Historic and collector aircraft take flight over Carson
June 7, 2007
Probably 2,500 visitors came to the Carson City Airport on June 2, estimates Yvon Weaver, airport manager. “
“Can’t really tell as there were two gates and nobody kept score. But I know we had a lot of people, many families with small kids,” she said.
What did those guests see at our airport?
Helicopters demonstrated rescue techniques, aircraft zoomed down the runway at speed, some of them spewing smoke. Radio-controlled model airplanes did acrobatics and food vendors supplied fuel for guests.
Probably the vintage World War II bomber Sentimental Journey, a B-17 maintained by the Commemorative Air Force of Arizona won the most attention. Built in 1944, the B-17 remains a handsome beast, machine guns bristling on all sides. Many visitors paid $5 to tour inside the B-17, and a few actually flew in it at $425 each. No complaints were heard as they emerged from the aging bomber.
The B-17, joined by the four-engined B-24, was the main bomber to attack the Third Reich, and while it was not damaged during the war, the leading edges of the wings today show many dents from such hail. But the engines belched smoke and roared loudly when started, despite having to have a “jug” or piston replaced in one at the last air show.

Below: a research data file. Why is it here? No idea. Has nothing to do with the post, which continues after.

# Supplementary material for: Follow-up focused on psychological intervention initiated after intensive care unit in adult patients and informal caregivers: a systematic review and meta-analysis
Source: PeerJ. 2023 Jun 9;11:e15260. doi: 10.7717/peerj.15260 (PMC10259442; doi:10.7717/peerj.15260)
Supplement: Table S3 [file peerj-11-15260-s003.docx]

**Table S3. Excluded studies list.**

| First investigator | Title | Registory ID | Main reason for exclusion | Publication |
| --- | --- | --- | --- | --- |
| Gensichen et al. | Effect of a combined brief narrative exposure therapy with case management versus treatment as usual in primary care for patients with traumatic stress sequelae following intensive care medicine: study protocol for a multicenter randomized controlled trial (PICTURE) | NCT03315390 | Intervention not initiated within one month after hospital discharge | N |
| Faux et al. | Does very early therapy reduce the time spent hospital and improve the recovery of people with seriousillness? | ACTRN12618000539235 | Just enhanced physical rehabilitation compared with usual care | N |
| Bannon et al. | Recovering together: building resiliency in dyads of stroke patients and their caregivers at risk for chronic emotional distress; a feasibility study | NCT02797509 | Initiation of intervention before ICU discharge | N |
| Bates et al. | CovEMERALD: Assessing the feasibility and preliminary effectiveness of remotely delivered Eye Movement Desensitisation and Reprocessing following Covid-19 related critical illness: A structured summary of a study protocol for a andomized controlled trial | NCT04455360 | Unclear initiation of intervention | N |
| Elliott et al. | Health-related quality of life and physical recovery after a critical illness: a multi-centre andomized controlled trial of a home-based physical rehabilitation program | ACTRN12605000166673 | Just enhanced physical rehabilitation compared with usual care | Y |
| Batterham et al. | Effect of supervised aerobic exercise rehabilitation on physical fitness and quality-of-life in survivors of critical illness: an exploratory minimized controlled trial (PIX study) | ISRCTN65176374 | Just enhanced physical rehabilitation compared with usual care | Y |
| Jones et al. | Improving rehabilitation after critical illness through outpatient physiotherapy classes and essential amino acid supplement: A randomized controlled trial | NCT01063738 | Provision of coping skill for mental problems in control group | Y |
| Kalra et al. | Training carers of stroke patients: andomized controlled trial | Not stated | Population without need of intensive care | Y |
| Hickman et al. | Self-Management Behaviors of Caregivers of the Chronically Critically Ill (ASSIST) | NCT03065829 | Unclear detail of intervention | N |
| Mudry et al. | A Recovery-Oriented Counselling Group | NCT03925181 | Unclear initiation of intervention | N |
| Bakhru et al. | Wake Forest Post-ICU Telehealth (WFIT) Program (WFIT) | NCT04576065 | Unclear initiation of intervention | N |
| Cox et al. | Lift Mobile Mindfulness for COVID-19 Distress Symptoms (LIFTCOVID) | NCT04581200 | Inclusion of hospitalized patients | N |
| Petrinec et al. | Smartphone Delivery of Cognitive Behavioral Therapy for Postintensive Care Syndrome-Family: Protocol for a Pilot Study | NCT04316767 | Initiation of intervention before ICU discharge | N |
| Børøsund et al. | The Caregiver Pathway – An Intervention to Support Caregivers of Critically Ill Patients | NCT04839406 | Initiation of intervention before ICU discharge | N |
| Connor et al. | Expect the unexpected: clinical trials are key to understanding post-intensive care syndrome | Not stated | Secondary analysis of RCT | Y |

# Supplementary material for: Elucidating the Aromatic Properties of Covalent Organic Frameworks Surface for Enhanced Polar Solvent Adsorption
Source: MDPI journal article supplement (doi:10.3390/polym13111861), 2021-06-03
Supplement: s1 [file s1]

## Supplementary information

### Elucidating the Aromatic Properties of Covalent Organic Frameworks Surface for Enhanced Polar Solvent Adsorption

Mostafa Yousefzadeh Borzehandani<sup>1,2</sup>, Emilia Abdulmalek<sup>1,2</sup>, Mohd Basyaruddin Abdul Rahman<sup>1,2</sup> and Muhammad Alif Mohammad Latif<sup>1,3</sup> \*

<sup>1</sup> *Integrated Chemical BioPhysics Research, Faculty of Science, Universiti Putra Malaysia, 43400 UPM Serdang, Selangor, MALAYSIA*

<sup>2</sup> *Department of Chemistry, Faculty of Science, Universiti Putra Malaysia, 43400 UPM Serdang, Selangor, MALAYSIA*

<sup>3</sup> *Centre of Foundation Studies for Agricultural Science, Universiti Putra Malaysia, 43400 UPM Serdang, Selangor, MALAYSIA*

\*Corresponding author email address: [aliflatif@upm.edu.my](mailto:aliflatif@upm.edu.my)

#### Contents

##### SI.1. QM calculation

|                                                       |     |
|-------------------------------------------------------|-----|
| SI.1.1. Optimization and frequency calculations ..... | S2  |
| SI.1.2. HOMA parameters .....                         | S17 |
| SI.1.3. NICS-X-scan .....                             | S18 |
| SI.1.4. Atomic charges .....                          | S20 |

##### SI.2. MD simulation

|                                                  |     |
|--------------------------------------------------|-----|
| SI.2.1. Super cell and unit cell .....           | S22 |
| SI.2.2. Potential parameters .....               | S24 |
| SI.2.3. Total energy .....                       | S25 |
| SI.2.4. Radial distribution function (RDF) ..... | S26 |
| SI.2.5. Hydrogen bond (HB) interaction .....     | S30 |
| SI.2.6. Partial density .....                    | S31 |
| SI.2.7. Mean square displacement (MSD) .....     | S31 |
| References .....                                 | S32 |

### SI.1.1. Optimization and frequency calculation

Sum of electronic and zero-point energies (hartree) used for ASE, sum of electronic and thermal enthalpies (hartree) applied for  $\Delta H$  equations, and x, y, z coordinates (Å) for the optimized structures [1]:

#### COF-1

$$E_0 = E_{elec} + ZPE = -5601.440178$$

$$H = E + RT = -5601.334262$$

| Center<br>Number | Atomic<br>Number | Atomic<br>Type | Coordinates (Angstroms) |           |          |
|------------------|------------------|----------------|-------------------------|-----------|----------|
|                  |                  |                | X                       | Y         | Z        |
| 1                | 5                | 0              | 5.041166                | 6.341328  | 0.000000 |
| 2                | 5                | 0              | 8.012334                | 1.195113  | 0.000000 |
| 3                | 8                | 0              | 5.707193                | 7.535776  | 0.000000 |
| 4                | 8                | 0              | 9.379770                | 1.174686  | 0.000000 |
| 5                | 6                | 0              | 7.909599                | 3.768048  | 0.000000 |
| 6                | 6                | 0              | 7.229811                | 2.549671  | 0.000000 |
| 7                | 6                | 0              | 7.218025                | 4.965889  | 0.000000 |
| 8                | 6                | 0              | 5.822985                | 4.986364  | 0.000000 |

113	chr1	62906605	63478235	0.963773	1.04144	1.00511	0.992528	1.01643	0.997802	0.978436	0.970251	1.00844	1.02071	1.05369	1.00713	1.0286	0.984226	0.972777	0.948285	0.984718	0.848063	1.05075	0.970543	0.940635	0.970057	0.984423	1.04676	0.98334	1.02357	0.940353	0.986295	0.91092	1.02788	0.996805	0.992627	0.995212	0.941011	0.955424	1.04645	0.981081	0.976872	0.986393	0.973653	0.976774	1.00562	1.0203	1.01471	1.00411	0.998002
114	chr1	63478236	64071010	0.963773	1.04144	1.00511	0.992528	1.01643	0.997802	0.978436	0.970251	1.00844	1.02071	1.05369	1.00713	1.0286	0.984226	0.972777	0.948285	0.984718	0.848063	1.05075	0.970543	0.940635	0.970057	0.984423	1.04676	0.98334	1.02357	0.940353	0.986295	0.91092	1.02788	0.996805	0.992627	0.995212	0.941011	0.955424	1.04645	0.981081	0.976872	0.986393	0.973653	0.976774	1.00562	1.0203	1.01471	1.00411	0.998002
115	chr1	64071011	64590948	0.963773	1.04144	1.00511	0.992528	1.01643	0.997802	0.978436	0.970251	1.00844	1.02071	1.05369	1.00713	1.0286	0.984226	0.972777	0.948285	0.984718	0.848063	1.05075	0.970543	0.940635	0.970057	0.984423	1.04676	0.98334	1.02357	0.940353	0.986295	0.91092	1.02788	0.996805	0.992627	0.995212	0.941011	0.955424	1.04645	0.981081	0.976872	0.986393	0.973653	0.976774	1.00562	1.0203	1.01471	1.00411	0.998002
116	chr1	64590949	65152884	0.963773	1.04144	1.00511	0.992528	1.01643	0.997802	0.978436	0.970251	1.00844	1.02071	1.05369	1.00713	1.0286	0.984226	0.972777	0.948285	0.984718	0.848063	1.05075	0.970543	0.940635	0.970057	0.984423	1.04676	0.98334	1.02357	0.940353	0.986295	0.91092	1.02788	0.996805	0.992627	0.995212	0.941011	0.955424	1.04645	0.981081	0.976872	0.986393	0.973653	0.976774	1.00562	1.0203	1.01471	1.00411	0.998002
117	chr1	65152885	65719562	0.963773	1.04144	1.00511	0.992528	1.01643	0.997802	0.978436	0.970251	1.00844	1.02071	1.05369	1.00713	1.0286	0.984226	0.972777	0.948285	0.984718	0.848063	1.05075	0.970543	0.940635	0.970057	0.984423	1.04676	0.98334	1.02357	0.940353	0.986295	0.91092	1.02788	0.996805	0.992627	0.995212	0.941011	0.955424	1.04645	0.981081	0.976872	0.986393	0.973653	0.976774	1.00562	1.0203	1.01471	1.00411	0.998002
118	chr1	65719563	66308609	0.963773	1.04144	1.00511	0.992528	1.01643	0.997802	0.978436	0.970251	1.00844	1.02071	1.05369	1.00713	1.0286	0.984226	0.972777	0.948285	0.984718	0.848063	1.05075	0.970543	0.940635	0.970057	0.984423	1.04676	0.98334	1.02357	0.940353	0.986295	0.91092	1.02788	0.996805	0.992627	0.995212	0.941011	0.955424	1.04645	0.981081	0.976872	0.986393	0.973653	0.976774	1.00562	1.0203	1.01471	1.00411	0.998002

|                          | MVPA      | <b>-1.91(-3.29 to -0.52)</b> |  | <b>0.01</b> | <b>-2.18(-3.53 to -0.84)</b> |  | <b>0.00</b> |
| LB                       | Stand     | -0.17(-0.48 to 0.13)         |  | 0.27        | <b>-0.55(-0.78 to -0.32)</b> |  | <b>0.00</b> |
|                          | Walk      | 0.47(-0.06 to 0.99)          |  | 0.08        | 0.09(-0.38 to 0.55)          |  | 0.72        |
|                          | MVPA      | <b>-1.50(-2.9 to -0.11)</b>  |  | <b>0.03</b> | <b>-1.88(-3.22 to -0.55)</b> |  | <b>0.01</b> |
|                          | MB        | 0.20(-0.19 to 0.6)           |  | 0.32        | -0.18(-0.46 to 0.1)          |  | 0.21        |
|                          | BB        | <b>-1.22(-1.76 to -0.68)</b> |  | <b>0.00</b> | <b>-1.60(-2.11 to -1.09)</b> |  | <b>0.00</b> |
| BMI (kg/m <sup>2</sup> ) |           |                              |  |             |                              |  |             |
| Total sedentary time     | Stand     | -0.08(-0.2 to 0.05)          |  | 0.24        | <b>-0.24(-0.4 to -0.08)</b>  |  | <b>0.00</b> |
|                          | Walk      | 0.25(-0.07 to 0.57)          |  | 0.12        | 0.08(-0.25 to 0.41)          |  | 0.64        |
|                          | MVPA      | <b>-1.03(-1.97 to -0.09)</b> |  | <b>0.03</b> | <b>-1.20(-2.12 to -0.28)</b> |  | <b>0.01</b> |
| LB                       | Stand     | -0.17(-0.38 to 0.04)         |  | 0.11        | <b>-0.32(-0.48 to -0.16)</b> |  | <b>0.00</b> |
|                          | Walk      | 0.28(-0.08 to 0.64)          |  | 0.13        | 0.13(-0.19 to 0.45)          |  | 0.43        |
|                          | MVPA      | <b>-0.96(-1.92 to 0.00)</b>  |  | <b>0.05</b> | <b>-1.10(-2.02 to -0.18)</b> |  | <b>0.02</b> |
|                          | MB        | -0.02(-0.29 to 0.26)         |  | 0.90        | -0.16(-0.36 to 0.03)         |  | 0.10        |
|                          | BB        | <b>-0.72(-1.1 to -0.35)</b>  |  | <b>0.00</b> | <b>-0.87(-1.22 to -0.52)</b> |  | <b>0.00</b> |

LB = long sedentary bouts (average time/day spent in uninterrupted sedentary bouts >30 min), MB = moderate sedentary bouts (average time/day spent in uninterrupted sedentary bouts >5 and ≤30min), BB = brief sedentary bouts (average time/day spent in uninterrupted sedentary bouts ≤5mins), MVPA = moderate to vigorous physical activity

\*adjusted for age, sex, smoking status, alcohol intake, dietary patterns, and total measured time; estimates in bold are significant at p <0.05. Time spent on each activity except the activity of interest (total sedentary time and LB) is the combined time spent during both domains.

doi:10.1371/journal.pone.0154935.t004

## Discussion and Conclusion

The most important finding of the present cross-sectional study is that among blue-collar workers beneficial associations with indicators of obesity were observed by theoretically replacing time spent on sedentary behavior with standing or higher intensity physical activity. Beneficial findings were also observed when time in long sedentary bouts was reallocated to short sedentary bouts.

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There were at least 30 aircraft on display at the airport, ranging from small, single-seater biplanes to hulking amphib SA-16, search and rescue planes used in the ’60s and ’70s. (Nosiest airplane this writer ever flew in.)
Many of the aircraft on display are based, or perhaps stored, is a better word here. Sometimes-Appeal columnist Bob Thomas hauled out his French biplane but didn’t fly it – he was out of gas. A few like a F-86 Sabre Jet from the Korean War gleam like the day it came from the factory. Many collector airplanes are never shown, said Neil Weaver, who runs an aircraft refurbishing business at the airport. Collecting aircraft is not a game for those of modest means. Prices range from about $175,000 to $1.5 million.
“When you get guys that are wealthy, they want what they want,” he said.
He thinks the personal property tax on aircraft is great for education. Of the more than $77,000 collected from aircraft owners in a recent year, more than $50,000 went to the Carson City School District.
The oldest planes at the airport belong to Yesterday’s Flyers, Ltd. They are also the planes that are the most accessible to the public. But Weaver says most collectors’ planes can be seen by roving the airport grounds any sunny Saturday afternoon.
For the rest of Carson City’s residents who didn’t make it to the airport a week ago, look around this page for a capsule tour.
• Contact Sam Bauman at 881-1236 or Nevadaappeal.com.